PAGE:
To secure the integrity of Protected Health Information, covered entities and business partners are required to comply with the physical, administrative, and technical measures stipulated in HIPAA (PHI).

Obtain HIPAA compliance:

Two categories of enterprises must adhere to HIPAA regulations.

Covered Entities: 

According to HIPAA regulations, a covered entity is any business that acquires, produces, or transmits PHI electronically. Health care providers, clearinghouses, and insurance companies are examples of healthcare organizations that fall within the definition of covered entities.

Business Associates:  

According to HIPAA regulations, a business associate is any company that comes into contact with PHI while working for a covered entity under a contract. Because there are so many different service providers that can handle, transmit, or process PHI, there is a tonne of instances of business partners. Billing companies, practice management companies, third-party consultants, EHR platforms, MSPs, IT providers, faxing companies, shredding companies, physical storage providers, cloud storage providers, email hosting services, attorneys, accountants, and many more are typical examples of business associates impacted by HIPAA rules.

These are some of the HIPAA Rules that you should be aware of:

Privacy Rule:  

Patients' rights to PHI are governed by national standards outlined by the HIPAA Privacy Rule. Business associates have not covered entities and are not subject to the HIPAA Privacy Rule. The HIPAA Privacy Rule includes several requirements, such as those relating to patients' access rights to PHI, health care providers' access rights to PHI, and the information that Use and Disclosure HIPAA release forms and Notices of Privacy Practices must contain, among others. The organization's HIPAA Policies and Procedures must have documentation of the regulatory requirements. Annual training on these policies and procedures is required for all workers, with written confirmation of completion.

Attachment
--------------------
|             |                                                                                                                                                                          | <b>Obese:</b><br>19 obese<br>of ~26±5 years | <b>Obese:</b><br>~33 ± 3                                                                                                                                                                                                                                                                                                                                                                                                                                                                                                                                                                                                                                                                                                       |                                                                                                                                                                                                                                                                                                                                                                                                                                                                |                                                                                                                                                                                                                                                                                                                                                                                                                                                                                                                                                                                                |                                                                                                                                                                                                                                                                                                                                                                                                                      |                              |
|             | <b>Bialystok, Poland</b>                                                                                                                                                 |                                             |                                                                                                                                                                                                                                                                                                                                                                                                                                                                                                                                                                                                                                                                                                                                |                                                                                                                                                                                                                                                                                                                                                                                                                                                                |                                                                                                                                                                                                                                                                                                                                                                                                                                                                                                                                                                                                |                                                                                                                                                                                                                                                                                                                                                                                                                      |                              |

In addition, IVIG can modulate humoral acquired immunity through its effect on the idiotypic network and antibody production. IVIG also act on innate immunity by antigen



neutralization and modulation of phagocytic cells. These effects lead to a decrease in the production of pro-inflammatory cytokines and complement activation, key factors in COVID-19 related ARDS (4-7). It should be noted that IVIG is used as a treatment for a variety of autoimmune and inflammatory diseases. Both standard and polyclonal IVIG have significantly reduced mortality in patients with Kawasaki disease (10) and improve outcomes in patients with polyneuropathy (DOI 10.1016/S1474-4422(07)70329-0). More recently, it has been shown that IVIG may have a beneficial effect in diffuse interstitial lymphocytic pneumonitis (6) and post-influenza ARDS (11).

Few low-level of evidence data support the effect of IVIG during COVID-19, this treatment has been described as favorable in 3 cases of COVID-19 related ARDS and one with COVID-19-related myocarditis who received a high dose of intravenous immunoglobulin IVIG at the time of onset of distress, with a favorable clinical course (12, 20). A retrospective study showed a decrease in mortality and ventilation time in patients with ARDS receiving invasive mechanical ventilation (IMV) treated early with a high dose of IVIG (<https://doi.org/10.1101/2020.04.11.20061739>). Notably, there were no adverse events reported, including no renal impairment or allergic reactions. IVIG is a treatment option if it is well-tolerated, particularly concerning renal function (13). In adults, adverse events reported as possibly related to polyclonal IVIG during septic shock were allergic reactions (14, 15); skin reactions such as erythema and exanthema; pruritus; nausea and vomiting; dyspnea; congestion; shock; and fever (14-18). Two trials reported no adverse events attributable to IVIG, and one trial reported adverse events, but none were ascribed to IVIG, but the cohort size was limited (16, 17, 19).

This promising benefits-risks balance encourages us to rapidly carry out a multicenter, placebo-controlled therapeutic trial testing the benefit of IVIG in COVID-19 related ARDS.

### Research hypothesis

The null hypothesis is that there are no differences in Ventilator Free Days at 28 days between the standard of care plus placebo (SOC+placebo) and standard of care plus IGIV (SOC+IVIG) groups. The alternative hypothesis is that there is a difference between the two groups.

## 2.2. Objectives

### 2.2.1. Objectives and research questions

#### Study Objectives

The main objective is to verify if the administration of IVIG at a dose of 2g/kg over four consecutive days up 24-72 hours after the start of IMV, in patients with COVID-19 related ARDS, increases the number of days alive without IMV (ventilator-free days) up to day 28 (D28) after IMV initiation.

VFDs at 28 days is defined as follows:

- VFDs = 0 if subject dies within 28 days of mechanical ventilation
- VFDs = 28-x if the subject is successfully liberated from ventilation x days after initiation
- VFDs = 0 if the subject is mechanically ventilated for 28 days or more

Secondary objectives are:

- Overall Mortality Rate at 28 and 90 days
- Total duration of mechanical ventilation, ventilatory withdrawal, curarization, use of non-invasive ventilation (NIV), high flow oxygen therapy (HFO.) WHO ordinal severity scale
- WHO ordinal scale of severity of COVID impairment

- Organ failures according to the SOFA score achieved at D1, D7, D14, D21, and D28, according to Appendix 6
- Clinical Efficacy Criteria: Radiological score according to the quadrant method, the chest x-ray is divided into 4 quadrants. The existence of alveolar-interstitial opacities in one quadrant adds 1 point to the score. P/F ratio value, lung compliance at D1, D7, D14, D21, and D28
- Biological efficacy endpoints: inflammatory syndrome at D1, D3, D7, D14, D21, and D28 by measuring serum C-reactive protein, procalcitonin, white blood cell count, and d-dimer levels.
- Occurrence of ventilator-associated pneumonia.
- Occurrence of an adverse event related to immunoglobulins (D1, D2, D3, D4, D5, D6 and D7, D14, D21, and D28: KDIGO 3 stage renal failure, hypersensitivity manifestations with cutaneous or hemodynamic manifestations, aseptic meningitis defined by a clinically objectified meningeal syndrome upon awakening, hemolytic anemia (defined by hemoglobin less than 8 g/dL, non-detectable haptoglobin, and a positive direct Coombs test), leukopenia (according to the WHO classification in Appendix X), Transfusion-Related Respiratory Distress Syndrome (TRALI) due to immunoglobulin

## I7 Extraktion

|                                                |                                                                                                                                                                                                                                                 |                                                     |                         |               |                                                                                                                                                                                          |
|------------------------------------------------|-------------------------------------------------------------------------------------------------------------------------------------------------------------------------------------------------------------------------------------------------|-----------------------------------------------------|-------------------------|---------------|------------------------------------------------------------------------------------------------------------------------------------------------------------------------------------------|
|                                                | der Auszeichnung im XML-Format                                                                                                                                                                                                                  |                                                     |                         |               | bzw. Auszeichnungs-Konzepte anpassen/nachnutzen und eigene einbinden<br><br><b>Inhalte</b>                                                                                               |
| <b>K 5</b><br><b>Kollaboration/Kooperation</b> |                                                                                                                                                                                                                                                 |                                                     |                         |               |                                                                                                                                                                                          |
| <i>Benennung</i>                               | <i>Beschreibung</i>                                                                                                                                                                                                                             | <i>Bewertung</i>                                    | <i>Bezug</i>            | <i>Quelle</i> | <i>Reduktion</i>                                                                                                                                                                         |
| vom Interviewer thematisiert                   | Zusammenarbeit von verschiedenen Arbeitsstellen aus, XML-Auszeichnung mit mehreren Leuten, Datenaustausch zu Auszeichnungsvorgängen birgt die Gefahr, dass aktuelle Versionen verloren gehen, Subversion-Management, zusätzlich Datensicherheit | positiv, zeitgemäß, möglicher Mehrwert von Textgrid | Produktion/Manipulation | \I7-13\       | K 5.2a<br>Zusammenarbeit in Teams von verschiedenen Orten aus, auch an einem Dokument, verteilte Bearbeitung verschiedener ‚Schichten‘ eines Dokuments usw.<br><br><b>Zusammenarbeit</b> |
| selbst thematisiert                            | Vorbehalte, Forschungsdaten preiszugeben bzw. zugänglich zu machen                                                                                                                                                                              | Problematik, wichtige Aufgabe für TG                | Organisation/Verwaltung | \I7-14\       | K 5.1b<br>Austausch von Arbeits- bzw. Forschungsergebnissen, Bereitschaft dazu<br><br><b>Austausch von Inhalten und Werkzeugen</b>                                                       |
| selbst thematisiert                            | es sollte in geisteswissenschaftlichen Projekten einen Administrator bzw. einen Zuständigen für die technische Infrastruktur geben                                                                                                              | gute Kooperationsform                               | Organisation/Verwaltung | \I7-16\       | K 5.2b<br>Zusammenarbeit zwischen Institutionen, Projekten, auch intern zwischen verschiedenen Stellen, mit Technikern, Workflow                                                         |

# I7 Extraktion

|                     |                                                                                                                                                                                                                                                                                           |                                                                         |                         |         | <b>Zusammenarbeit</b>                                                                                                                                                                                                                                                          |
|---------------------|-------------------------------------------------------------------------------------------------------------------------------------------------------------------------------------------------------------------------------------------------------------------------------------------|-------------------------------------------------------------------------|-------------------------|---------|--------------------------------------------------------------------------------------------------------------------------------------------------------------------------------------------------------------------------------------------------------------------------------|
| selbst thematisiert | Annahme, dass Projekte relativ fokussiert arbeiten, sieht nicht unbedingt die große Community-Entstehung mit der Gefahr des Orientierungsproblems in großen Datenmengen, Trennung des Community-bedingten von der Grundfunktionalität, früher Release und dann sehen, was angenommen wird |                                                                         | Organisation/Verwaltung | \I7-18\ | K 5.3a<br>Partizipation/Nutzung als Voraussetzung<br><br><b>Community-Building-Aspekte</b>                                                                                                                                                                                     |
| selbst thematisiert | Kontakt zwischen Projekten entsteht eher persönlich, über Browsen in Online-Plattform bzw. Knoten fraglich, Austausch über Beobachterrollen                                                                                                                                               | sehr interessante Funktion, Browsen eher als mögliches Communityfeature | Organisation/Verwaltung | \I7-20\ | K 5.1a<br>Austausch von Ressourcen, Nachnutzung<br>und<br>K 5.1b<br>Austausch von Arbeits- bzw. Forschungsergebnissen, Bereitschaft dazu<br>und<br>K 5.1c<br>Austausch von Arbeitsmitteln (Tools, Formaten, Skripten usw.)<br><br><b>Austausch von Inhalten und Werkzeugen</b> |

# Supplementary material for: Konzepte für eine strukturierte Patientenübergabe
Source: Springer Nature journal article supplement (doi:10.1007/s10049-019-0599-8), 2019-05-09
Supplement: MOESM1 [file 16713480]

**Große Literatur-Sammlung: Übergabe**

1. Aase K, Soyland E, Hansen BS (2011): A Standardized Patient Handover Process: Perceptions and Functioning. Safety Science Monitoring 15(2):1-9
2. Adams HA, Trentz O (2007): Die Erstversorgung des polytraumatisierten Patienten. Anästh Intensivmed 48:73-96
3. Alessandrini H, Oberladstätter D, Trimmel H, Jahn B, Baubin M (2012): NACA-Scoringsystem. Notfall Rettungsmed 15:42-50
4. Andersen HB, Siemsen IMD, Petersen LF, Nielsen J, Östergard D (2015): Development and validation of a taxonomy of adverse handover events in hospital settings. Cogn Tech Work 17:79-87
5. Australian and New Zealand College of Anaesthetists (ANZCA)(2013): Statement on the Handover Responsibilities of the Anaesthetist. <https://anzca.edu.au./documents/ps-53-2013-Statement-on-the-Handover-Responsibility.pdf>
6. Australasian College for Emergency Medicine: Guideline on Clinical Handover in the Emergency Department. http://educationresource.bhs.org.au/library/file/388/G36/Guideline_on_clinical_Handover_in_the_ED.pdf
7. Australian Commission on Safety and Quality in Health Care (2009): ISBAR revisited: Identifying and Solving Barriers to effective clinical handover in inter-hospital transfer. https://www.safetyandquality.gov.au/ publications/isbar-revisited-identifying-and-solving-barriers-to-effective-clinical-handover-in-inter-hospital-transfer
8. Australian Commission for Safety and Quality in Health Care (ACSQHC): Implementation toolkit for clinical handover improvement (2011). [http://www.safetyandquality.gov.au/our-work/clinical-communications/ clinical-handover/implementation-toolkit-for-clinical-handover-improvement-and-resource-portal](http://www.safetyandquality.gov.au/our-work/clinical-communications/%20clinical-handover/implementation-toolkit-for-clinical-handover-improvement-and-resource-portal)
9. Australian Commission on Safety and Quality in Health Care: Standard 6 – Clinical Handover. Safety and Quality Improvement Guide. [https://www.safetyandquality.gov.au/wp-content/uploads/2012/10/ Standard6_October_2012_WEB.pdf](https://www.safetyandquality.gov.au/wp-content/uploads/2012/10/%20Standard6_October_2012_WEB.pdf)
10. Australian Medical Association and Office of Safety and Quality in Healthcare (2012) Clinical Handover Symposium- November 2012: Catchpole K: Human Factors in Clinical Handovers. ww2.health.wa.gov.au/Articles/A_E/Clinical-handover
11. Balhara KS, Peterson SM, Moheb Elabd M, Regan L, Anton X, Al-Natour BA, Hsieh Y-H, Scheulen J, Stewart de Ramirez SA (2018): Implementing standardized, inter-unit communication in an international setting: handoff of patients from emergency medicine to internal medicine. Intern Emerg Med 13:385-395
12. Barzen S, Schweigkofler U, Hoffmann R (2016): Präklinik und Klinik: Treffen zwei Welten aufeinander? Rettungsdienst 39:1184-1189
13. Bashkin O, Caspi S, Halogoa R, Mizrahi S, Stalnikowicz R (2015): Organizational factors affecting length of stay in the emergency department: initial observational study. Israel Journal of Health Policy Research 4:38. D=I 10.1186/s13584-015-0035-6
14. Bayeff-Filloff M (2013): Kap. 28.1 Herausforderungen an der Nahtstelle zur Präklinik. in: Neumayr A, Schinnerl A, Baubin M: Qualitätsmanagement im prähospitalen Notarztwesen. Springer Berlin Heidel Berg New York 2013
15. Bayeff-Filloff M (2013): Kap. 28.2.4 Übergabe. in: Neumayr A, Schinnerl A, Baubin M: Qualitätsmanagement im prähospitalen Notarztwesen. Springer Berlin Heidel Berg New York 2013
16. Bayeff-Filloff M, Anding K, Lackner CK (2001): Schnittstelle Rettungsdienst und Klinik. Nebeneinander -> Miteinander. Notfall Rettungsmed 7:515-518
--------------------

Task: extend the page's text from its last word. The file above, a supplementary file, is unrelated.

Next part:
HIPAA Security Rule: 

National requirements for the secure processing, preservation, and transfer of ePHI are established by the HIPAA Security Rule. Due to the possible sharing of ePHI, both covered organizations and business partners are subject to the HIPAA Security Rule. The Security Rule specifies requirements for the integrity and security of ePHI, including administrative, technological, and administrative measures that must be in place in every health care institution. HIPAA Policies and Procedures for the organization must include documentation of the regulation's specifics. Annual staff training on these policies and procedures is required, with attestation in writing.

Breach Notification Rule: 

In the case of a data breach involving PHI or ePHI, covered organizations and business partners are required to comply with the HIPAA Breach Notification Rule. Depending on the scale and severity of the breach, the Rule specifies various breach reporting obligations. Regardless of their magnitude, breaches must be reported to HHS OCR by organizations, although the particular reporting procedures vary depending on the nature of the breach. The sections below go through the intricacies of the HIPAA Breach Notification Rule.

HIPAA Omnibus Rule:  

To extend the scope of the HIPAA law to business partners as well as covered businesses, the HIPAA Omnibus Rule was enacted. The HIPAA Omnibus Rule specifies the requirements for Business Associate Agreements and demands that Business Associates comply with HIPAA (BAAs). Before ANY PHI or ePHI can be transmitted or exchanged, a covered entity and a business associate—or between two business associates—must sign a business associate agreement. The sections following go into further information about BAA specifics.